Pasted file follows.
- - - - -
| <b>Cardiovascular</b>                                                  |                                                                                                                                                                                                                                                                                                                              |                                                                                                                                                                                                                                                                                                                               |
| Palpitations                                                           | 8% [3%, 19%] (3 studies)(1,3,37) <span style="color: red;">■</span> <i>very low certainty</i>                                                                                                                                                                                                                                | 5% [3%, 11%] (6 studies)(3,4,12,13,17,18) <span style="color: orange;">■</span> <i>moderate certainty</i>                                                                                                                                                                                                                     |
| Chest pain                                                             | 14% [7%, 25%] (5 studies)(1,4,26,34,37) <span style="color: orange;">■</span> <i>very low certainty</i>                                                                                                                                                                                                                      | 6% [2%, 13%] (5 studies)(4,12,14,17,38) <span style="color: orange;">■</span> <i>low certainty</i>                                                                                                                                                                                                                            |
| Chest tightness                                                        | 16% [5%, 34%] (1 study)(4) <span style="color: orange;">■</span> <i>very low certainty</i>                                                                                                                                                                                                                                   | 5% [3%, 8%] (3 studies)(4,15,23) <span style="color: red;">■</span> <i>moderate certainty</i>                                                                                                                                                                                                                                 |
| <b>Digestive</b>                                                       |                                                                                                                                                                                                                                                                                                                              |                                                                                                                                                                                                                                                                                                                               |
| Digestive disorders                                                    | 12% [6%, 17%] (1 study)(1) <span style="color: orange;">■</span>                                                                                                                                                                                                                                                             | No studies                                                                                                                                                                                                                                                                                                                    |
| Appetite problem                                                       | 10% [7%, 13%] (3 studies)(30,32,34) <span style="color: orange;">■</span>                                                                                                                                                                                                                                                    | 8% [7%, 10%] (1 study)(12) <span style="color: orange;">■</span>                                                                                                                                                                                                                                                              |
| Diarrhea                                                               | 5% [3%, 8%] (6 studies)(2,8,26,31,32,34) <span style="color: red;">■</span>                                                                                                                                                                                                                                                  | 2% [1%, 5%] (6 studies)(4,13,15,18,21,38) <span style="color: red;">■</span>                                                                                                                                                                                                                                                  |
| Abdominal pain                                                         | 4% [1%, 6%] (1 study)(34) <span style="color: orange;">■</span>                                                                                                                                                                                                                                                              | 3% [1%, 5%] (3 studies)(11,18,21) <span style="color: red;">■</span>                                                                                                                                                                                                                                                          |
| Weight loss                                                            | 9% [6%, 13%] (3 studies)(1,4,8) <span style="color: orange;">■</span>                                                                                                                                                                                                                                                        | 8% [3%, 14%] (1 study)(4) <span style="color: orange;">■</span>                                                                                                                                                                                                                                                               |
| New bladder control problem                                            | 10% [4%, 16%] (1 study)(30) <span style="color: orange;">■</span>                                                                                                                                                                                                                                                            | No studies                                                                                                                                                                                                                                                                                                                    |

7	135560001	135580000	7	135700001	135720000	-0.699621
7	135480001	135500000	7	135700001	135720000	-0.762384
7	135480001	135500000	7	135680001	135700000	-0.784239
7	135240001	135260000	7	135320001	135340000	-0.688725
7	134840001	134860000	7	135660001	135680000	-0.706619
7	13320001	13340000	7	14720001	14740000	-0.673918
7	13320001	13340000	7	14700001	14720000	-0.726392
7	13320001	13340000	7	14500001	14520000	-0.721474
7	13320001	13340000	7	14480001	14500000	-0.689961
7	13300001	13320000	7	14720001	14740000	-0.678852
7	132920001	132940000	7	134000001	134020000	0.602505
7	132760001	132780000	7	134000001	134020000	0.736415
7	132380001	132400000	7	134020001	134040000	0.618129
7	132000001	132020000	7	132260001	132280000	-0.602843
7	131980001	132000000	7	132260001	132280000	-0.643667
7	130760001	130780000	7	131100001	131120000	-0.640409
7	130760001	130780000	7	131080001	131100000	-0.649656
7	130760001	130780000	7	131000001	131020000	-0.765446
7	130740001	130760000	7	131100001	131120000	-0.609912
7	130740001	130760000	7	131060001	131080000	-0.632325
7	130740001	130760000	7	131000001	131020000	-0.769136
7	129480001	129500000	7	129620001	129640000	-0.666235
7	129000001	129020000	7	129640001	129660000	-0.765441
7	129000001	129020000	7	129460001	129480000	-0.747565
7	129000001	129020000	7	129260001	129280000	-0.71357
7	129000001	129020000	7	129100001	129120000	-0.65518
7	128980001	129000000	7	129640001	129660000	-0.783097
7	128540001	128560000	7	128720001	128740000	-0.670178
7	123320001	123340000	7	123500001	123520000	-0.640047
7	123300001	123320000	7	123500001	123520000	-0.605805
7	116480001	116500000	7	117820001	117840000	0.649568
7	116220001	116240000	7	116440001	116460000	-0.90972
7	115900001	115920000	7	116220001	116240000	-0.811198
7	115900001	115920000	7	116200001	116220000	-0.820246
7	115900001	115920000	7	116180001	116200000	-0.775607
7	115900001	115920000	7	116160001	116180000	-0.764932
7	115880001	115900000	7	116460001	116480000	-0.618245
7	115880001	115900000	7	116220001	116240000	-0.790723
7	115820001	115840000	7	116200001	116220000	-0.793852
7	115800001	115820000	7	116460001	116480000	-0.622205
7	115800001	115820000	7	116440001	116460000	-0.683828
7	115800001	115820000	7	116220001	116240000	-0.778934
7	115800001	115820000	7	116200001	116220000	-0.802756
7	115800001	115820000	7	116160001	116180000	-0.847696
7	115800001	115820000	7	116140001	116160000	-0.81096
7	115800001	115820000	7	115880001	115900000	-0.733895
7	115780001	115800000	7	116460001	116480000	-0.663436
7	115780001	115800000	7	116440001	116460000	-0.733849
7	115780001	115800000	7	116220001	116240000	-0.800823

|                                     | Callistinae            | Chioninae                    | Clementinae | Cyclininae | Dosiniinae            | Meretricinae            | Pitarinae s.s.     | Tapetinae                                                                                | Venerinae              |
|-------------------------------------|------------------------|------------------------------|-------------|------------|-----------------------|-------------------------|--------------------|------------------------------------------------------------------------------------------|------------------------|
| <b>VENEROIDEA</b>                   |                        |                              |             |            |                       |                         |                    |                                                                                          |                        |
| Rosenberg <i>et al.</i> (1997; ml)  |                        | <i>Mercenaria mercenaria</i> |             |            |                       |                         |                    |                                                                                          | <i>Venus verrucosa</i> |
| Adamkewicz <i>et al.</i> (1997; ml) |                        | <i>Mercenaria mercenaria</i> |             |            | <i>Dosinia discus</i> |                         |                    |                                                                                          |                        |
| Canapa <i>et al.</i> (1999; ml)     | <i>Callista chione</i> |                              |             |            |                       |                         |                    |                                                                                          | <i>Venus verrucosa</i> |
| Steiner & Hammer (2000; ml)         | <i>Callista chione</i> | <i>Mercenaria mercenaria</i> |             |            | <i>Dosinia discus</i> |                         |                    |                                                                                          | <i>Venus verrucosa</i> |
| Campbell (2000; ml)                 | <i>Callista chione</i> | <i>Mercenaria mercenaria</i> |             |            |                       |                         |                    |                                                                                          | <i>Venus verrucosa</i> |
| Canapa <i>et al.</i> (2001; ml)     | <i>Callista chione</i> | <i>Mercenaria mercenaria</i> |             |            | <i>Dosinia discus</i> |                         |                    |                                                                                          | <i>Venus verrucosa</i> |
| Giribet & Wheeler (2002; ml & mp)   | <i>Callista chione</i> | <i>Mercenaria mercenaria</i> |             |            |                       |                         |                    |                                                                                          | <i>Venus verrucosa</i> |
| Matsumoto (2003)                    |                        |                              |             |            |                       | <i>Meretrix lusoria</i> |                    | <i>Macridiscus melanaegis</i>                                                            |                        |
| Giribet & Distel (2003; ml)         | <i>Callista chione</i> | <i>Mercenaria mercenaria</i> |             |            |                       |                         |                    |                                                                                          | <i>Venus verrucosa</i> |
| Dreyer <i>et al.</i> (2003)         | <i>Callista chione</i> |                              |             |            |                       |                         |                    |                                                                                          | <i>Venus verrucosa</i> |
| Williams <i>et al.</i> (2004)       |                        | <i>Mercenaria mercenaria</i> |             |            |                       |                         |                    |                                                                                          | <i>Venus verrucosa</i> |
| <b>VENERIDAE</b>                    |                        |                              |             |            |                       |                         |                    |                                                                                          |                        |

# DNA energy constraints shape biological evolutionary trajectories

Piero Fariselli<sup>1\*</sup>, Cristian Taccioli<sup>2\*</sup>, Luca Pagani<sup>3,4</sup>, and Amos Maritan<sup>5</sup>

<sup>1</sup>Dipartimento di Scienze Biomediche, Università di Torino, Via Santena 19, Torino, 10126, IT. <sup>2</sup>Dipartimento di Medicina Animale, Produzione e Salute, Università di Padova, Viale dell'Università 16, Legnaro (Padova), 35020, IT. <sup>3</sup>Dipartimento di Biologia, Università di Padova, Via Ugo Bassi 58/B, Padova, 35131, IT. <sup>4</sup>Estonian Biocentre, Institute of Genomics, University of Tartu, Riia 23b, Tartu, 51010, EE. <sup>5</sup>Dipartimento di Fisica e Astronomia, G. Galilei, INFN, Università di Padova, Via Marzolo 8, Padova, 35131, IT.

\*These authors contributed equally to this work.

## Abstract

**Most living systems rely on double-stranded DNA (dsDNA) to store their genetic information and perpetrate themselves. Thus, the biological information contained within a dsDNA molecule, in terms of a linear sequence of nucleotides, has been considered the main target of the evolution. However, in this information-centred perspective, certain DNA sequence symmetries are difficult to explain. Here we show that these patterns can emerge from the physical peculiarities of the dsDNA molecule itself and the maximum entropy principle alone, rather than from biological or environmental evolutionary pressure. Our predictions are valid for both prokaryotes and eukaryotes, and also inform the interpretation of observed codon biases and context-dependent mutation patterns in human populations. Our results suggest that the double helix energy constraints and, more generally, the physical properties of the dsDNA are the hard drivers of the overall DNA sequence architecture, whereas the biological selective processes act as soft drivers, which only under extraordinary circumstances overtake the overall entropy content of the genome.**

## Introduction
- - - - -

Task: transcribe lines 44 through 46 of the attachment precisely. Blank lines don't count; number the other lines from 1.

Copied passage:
7	115900001	115920000	7	116220001	116240000	-0.811198
7	115900001	115920000	7	116200001	116220000	-0.820246
7	115900001	115920000	7	116180001	116200000	-0.775607